Inside WorldVenture - Second Quarter 2015

Page 1





THEOLOGICAL E DUC ATION IN THE CRADLE OF CHRISTIANITY How evangelical seminaries in the Arab world are engaging their Muslim neighbors with the gospel.











20 15





Mission work isn’t always pretty, but it’s worth it.



How WorldVenture missionaries are reviving an island through tourism.



Missionary wants to see simple evangelism tool succeed in Catholic-background countries.



Third Culture Kids identify with relationships more than geography.


THEOLOGICAL EDUCATION IN THE CRADLE OF CHRISTIANITY How evangelical seminaries in the Arab world are engaging their Muslim neighbors with the gospel.



How Ivorian life became a part of me.


NEPAL EARTHQUAKE SPARKS INTEREST IN FAITH In the midst of devastation, one village pastor sees a resurgence and energy for Christianity.


NYARAFOLO CHRISTIANS FACE PERSECUTION Vicious attacks leave Christian buildings in shambles and Christians beaten.


A SEAT AT THE TABLE Bussy-Saint-Georges evangelicals look to grow presence in a uniquely open faith community.



Executive Editor: Jeff Denlinger Managing Editor: Chris Wynn Editor/Staff Writer: Kate Tracy Graphic Design: Bruce Butler Copy Editor: Suzanne Satterlee Distribution: Mike Beckett INSIDE WORLDVENTURE is a quarterly newsletter produced by the Communications Department of WorldVenture.


Photography courtesy of Padmanaba01, Stig Nygaard, SIM, Eric Delcroix, Joeyzaza, Phyllis Neriah, GĂŠrard, Linnea Boese, Chazz Wolfe, Carol Banowsky-Smith, Chris Wynn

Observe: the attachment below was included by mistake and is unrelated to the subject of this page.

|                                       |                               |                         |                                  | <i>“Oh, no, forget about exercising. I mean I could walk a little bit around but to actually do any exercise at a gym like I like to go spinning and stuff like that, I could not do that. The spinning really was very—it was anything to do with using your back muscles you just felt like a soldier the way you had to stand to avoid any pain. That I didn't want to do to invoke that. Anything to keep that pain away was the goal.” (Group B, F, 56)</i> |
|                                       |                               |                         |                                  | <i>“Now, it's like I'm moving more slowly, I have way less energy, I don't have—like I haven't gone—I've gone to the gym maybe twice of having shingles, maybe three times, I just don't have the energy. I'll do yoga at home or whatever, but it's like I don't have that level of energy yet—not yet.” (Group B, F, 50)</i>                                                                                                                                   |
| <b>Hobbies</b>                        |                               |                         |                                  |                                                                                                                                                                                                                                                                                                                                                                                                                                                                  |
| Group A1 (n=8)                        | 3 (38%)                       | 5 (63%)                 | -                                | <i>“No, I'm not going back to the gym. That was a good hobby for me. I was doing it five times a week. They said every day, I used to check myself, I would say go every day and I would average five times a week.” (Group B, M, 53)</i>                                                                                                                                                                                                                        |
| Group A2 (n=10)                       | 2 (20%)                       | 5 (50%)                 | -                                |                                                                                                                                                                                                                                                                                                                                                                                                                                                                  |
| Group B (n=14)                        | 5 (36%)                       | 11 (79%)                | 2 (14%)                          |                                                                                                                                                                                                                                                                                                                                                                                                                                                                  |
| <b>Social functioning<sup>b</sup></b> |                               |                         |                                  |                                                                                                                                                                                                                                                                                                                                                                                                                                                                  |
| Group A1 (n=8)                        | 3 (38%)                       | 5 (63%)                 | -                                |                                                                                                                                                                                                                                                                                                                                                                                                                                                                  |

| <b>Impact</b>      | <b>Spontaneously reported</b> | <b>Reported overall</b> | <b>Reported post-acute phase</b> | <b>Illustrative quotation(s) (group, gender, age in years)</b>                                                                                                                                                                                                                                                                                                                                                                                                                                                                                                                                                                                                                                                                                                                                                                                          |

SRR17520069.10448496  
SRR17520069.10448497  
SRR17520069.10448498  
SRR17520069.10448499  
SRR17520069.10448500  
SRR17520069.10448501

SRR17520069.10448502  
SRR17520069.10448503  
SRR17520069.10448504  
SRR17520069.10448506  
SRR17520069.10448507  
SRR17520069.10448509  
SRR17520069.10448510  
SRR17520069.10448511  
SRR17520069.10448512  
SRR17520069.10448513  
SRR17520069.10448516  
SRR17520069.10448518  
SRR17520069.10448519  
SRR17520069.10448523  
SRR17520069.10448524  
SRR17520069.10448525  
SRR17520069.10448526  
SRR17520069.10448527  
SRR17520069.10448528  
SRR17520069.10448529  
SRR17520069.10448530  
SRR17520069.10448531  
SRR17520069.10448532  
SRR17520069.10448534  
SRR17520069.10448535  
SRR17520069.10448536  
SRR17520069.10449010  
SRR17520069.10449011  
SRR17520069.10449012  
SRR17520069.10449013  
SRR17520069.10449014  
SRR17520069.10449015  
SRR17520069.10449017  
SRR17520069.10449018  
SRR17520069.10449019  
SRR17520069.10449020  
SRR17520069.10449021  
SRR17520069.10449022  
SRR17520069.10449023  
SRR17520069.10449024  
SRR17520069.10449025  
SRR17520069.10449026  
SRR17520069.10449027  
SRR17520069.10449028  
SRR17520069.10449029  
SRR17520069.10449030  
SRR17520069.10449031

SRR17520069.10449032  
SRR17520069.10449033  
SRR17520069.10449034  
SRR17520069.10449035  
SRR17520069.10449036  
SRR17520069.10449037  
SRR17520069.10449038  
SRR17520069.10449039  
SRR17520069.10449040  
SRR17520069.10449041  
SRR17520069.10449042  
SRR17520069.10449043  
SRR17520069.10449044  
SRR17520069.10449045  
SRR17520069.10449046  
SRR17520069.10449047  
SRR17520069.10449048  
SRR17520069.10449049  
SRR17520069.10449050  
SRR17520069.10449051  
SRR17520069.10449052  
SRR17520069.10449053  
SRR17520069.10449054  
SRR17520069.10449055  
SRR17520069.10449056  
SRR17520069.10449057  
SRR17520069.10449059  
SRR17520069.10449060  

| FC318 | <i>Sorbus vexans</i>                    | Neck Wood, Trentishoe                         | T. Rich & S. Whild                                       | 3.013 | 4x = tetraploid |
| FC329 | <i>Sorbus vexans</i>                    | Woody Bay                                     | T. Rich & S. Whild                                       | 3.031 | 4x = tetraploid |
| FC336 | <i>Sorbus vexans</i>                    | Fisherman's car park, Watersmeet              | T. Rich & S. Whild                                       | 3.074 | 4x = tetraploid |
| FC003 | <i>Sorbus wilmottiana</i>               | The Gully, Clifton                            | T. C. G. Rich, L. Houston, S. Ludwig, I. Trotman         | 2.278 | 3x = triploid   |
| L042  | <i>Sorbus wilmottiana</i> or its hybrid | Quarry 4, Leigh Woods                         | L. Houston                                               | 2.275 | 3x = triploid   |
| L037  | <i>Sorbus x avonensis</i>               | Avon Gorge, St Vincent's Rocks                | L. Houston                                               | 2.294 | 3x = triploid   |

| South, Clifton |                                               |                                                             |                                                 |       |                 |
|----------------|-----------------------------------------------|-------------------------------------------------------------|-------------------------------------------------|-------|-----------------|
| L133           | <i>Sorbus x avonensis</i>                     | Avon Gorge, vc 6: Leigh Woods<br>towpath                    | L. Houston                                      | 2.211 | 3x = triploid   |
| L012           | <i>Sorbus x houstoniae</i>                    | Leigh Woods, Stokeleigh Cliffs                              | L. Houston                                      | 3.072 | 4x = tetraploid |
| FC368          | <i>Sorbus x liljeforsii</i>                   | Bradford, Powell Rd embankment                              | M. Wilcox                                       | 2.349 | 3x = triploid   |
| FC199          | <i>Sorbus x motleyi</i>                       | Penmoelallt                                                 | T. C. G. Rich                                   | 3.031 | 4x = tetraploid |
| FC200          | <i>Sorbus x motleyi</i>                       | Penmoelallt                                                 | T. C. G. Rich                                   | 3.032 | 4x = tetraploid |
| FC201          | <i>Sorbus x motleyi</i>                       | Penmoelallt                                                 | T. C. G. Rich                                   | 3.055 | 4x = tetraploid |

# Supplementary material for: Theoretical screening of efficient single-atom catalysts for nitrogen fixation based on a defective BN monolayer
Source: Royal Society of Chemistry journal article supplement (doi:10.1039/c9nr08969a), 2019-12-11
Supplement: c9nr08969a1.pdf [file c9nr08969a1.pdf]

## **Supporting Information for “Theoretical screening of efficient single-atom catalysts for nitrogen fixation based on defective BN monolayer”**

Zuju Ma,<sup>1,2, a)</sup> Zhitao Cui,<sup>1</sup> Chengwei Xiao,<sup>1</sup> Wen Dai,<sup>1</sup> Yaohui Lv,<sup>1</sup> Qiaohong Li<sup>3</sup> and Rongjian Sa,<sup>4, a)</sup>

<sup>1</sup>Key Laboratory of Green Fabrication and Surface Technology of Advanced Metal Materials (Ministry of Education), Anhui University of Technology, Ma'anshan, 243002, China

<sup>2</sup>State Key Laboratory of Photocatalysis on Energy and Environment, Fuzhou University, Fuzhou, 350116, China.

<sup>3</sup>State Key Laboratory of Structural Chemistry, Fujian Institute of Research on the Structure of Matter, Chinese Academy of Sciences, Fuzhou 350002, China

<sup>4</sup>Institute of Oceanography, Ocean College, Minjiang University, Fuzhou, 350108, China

1943, most of the teenage boys in America were in a panic about one thing: they were afraid the war would end before they could enlist. For those of us who grew up long after those days, this attitude is stunning. But such was the spirit of the day. The whole country went all in to win this war against tyrants and imperialism. Young men wanting to enlist in all branches of the armed forces kept recruiters busy. Some of these eager teens lied about their age so they could go with their friends and their brothers. One of them was a high school star athlete from Shenandoah, Iowa who decided to jump a couple of years and convinced the Army Air Corp to let him go to flight school in Yuma, Ariz. After 90 intense days, they made him a second lieutenant and pilot of a B-24, sending him off to Palawan, Philippines to fly combat missions in the Pacific. He was only 18. In a similar manner, the Great Commission will one day end. Each moment brings us closer to the end of our opportunity to make disciples. One day the Lord will say, “That’s it. Time’s up.” Wouldn’t it be awesome if the followers of Jesus Christ had the same mindset as teenage boys did 72 years ago? Imagine if believers today would say, “I don’t care what it might cost; let me into this battle.” Around

the globe there are still so many people who have never heard of the love and forgiveness of God, and they have no idea that the clock is ticking. Will we be mobilized into action, or continue as mildly interested spectators? Something else of major significance happened in 1943. Courageous men and women with no money, no missionaries, and strong opposition created a new mission agency, one dedicated to the unapologetic and

uncompromising proclamation of the inerrant word of God. Today, that same organization is determined to find and deploy more missionaries than ever before. The Mobilization Ministries Department at WorldVenture is thrilled to lead the charge in this endeavor. May the Lord bring us passionate men and women who will skillfully and effectively take this message to all those who need to hear. P.S. I knew about the kid from Iowa because he was my father. Dougg Custer is the Vice President of Mobilization Ministries for WorldVenture.